International Society of Political Psychology

Conference Abstracts

9D Image Theory: Theoretical Advances and Empirical Evidence

(Session Organizer) Emanuele Castano, New School for Social Research; (Chair) Emanuele Castano, New School for Social Research; (Discussant) Richard K Herrmann, The Ohio

Conference: ISPP 2011
Affiliation: New School for Social Research
Research Area: International relations, globalization, macropolitical issues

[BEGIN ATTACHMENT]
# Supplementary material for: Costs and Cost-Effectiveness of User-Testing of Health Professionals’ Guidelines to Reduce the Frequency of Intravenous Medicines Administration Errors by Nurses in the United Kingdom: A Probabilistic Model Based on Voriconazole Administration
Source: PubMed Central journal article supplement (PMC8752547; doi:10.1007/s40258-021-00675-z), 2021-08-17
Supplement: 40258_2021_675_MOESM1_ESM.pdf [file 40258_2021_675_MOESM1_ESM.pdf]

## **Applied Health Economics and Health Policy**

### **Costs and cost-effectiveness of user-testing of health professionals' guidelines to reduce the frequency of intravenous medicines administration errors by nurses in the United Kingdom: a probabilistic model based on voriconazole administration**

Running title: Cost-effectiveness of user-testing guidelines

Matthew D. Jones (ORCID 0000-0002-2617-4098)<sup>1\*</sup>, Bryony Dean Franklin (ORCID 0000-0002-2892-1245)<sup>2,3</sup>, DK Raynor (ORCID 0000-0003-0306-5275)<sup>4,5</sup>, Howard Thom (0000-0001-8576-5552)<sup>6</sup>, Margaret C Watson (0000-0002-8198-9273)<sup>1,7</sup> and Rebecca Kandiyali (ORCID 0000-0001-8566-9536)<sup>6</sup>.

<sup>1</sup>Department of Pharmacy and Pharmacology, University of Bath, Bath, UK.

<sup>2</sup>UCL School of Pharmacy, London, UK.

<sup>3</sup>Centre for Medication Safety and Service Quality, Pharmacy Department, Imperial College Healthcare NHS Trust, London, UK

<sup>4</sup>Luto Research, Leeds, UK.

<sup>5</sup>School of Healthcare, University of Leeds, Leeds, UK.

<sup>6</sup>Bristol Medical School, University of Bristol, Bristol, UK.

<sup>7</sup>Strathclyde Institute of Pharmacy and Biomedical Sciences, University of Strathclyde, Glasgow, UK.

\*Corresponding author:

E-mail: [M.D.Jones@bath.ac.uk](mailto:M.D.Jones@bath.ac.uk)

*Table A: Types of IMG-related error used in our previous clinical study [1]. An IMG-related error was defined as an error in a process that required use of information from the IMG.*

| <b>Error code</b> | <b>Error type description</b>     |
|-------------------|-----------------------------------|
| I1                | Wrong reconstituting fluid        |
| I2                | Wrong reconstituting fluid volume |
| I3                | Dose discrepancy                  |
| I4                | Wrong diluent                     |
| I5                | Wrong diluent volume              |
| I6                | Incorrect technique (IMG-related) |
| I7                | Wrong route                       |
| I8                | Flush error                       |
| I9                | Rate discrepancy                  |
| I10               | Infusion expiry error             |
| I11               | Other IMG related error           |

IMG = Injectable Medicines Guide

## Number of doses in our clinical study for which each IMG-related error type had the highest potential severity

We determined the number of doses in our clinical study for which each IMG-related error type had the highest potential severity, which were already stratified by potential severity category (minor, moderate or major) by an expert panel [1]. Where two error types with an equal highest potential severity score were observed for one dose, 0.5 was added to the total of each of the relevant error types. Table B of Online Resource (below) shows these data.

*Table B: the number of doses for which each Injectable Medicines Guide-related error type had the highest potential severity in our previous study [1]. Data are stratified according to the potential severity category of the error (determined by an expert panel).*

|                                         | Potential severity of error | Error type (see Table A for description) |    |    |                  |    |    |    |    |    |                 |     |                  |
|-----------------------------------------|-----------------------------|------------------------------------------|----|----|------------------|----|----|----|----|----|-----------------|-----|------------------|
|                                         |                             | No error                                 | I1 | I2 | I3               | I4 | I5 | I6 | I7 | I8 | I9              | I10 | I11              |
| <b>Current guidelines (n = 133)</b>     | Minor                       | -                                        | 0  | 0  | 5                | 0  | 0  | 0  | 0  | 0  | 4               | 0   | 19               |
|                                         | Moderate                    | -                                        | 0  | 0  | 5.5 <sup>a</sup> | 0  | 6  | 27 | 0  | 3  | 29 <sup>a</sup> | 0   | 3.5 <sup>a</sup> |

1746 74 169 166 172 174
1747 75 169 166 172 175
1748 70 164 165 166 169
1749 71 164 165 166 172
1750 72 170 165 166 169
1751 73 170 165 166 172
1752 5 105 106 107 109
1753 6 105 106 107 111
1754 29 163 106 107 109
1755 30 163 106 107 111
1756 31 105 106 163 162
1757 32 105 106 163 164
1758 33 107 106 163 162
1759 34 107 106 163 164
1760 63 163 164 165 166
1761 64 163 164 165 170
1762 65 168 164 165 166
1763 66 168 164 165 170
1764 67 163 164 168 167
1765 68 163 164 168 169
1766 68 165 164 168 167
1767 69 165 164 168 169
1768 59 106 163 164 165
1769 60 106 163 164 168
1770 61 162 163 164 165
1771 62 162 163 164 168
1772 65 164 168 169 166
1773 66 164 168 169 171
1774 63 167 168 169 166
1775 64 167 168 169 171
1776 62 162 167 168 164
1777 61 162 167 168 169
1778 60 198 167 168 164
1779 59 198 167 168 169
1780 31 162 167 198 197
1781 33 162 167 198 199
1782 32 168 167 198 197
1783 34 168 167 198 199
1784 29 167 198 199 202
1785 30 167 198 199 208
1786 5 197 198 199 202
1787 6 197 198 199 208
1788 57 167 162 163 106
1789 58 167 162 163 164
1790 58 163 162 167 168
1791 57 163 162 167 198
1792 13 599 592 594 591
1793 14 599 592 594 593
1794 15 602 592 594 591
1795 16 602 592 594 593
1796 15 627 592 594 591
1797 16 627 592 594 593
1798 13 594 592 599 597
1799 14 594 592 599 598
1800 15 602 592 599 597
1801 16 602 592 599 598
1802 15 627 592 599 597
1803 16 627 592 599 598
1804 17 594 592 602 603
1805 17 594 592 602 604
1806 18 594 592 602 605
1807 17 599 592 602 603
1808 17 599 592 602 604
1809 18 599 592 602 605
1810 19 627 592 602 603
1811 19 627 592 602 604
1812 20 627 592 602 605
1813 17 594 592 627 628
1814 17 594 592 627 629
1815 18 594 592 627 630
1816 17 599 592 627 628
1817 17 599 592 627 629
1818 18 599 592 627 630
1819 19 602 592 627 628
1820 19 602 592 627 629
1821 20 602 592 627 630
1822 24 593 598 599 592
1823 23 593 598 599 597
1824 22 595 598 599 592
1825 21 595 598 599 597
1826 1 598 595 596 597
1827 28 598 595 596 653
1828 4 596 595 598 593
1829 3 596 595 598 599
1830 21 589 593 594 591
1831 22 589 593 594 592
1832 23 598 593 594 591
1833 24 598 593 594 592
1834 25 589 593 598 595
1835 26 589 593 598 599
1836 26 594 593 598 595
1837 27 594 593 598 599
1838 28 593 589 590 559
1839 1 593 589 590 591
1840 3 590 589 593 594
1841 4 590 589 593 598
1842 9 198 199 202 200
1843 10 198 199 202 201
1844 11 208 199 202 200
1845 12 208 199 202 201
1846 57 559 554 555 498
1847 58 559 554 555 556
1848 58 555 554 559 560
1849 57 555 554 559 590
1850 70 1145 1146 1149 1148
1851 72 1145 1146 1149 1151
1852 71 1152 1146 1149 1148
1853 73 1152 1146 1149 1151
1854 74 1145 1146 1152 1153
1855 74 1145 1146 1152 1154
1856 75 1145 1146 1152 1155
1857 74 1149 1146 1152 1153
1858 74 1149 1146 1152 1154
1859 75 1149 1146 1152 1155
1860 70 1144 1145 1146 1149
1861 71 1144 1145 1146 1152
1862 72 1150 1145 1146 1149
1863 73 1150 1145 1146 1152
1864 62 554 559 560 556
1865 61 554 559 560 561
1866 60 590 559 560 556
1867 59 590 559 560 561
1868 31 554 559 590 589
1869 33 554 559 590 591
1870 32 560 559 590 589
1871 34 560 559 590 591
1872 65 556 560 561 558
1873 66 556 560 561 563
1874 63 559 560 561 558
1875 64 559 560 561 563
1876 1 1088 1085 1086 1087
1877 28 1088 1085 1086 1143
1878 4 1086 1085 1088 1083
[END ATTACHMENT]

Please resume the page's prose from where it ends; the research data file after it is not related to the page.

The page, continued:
Beginning with the seminal work of Boulding, image theory has long provided an important framework to better understand international relations, and had blossomed into a sophisticated model that integrates insights from social psychological theory and research in Herrmann and Fisherkeller’s (1995) International Image Theory. The four presentations of this symposium discuss theoretical and empirical advancements, and test image theory in different contexts. The first presentation provides the first strong experimental evidence that images about a country can be created relatively easily, via subliminal prime, and that individuals fill-in the missing content. In the context of U.S. participants’ perception of Latin American countries, the findings of four studies that are presented also support the idea that images are consequential in terms of perception of ambivalent events. The second presentation focuses on the Turks’s images of the United States, and investigates the role of structural factors in the emergence of such images, and moderators, such as attachment to the nation. The third presentation investigates the classic friend versus foe distinction in the perception of other nations among both American and Chinese participants – with ideology playing an important role in determining this distinction. Finally, the fourth presentation extends image theory to the realm of inter-ethnic relations. Building on the results of three studies investigating the underpinnings of Black versus White racial attitudes, the authors argue that an intergroup-images approach is needed to understand the cognitive, affective and motivational processes underlying prejudice.